Overstock.com Overcomes Overloads
The New Reality for Customer Engagement
Overstock.com calls itself the earth's greatest discounter. And the company, which sells an Amazon.com-like potpourri of excess inventory that it has taken off the hands of flat-footed manufacturers, distributors and retailers, isn't kidding around: It has actually copyrighted the phrase.
If its sales performance is to be believed, it might actually be right: The company's 2004 revenues of $495 million were up more than five-fold from 2002 levels, and gross profits have nearly quadrupled, climbing from $18.3 million to $65.8 million.
Although the company has yet to make an annual profit, it has been narrowing its losses fairly consistently, and did make it into the black in the fourth quarter of 2004, earning $2.5 million.
Company execs say they've succeeded by operating on a shoestring budget, passing all savings on to their customers. While that's good news for customers, it's hardly music to an IT department's earsespecially one that's been told to plan for a doubling of business each and every year.
The business continues to double, says Stephen Tryon, a vice president at the Salt Lake City-based discounter, because of a simple business plan: Overstock.com offers a low-price guarantee; the company takes slow-moving merchandise off other retailers' hands and squeezes out its own profits by handling product more efficiently than anyone else.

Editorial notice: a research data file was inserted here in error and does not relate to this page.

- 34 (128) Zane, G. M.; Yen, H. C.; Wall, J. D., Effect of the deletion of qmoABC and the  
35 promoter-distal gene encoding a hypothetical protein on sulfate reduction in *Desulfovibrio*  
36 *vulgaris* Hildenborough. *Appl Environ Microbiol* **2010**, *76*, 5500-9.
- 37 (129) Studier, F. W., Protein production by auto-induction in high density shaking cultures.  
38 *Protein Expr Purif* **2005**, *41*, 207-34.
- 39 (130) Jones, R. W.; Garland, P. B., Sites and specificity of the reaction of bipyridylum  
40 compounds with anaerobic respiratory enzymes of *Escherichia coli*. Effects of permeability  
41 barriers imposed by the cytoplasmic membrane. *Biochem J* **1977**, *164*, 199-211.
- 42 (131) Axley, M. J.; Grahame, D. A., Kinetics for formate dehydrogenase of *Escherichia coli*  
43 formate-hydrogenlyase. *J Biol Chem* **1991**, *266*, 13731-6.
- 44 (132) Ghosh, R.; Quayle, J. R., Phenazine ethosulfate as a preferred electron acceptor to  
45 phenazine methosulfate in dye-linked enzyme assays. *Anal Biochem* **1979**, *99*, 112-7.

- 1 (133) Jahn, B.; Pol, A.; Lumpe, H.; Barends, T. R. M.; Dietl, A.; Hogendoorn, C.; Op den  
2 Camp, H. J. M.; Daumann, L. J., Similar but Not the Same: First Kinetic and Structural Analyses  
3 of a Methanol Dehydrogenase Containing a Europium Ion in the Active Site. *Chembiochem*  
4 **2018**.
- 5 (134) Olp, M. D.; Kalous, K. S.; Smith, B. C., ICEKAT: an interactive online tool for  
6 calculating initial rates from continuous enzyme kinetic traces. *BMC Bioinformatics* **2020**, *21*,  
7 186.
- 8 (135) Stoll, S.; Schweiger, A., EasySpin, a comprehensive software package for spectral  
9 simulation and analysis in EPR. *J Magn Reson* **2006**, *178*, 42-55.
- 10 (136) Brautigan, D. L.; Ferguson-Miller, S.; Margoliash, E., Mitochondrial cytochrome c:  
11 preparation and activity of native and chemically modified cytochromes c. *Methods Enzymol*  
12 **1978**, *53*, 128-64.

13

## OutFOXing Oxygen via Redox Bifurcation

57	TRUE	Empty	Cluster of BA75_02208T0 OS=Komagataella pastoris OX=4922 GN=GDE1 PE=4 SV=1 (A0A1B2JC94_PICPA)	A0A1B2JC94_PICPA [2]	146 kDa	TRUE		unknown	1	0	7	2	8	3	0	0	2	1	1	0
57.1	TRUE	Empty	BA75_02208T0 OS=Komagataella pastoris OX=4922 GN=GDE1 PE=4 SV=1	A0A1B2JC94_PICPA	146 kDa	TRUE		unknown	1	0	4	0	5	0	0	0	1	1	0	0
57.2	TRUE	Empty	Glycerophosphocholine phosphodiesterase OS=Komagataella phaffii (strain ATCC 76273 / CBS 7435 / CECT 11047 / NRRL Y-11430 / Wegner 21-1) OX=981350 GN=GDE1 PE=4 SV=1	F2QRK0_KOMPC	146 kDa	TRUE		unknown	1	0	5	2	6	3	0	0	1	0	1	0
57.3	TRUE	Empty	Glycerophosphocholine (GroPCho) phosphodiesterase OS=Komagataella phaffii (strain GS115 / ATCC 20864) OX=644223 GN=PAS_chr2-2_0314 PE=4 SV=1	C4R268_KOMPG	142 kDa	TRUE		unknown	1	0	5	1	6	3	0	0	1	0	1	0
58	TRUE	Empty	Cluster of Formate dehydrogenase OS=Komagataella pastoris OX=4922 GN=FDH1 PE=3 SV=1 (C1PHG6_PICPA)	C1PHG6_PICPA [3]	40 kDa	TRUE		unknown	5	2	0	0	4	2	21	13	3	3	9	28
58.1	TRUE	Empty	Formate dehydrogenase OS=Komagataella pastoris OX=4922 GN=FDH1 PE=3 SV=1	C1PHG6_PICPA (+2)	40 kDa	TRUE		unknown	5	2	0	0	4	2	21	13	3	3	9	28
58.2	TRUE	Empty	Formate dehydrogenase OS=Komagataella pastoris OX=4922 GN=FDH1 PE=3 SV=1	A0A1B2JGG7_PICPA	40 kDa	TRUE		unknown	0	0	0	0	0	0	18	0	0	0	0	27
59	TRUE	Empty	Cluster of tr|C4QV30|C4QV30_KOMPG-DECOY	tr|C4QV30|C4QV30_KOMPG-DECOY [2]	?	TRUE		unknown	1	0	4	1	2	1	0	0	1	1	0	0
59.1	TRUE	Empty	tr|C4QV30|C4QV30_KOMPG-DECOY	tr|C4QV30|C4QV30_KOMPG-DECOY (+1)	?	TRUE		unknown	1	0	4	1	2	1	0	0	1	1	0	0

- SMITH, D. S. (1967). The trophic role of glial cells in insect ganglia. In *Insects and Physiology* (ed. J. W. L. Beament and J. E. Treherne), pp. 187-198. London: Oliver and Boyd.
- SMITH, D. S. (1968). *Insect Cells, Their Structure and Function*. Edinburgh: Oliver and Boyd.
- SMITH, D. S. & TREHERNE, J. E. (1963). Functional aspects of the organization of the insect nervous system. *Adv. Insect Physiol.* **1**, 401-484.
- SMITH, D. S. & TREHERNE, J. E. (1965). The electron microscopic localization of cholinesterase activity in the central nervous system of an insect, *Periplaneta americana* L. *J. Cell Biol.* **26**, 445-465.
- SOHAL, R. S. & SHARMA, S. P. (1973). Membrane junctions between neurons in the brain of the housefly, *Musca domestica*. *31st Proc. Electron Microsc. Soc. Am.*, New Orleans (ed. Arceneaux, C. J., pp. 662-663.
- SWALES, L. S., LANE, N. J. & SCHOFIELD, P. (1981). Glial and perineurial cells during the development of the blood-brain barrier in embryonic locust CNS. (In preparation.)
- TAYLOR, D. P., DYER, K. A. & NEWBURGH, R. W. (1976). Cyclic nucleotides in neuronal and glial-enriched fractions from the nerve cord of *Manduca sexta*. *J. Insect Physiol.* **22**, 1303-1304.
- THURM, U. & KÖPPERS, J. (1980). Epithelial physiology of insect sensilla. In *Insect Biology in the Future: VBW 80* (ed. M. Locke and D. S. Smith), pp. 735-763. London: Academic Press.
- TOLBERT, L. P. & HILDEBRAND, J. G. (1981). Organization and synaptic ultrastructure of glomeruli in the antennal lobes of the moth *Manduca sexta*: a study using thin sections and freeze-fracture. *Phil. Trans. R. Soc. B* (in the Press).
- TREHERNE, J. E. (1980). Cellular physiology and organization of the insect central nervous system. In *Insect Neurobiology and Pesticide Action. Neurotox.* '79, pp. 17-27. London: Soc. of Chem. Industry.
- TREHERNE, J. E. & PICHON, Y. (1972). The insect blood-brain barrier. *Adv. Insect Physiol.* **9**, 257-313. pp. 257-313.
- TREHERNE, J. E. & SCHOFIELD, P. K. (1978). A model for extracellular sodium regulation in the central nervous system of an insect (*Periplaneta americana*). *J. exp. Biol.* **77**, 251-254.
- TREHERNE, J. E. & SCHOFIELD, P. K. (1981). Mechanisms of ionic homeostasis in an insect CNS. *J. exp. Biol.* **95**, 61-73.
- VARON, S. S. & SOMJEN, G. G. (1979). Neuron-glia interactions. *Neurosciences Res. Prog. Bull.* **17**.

Tryon says the company's original technology investments got it through the first four years of its growth, up to the end of 2003.
Then the IT team realized that if things continued along their current trajectory, sales in the fourth quarter of 2004 would approach $250 million.
That meant the company's IT infrastructure had to be the equivalent of that of a $1 billion company. And yes, they had to build it on the cheap.
That was the job offered to Shawn Schwegman, vice president of technology at Overstock.com, when he joined the company in 2000.
As Overstock.com looks back on its best holiday season yetone that brought in some $221 million in sales and went off without an IT hitchit's clear Schwegman has done what he was asked.
Like many companies whose livelihood depends on 24/7 availability of electronic data and transaction capabilities, Overstock.com decided in 2004 that it would build a colocation facility to house the company's vital customer and transaction information, in addition to a "fail over" facility already in a second location. Until last year, says Tryon, "all the company's information eggs were in one basket."
To wit: In the past, when the volume of traffic put stresses on the infrastructure, the company actually resorted to shutting down internal applications, such as a desktop "executive dashboard" that showed real-time sales, in order to protect the customer's Web site experience. But with the scary projections for 2004, the IT team decided it was time for redundancy.
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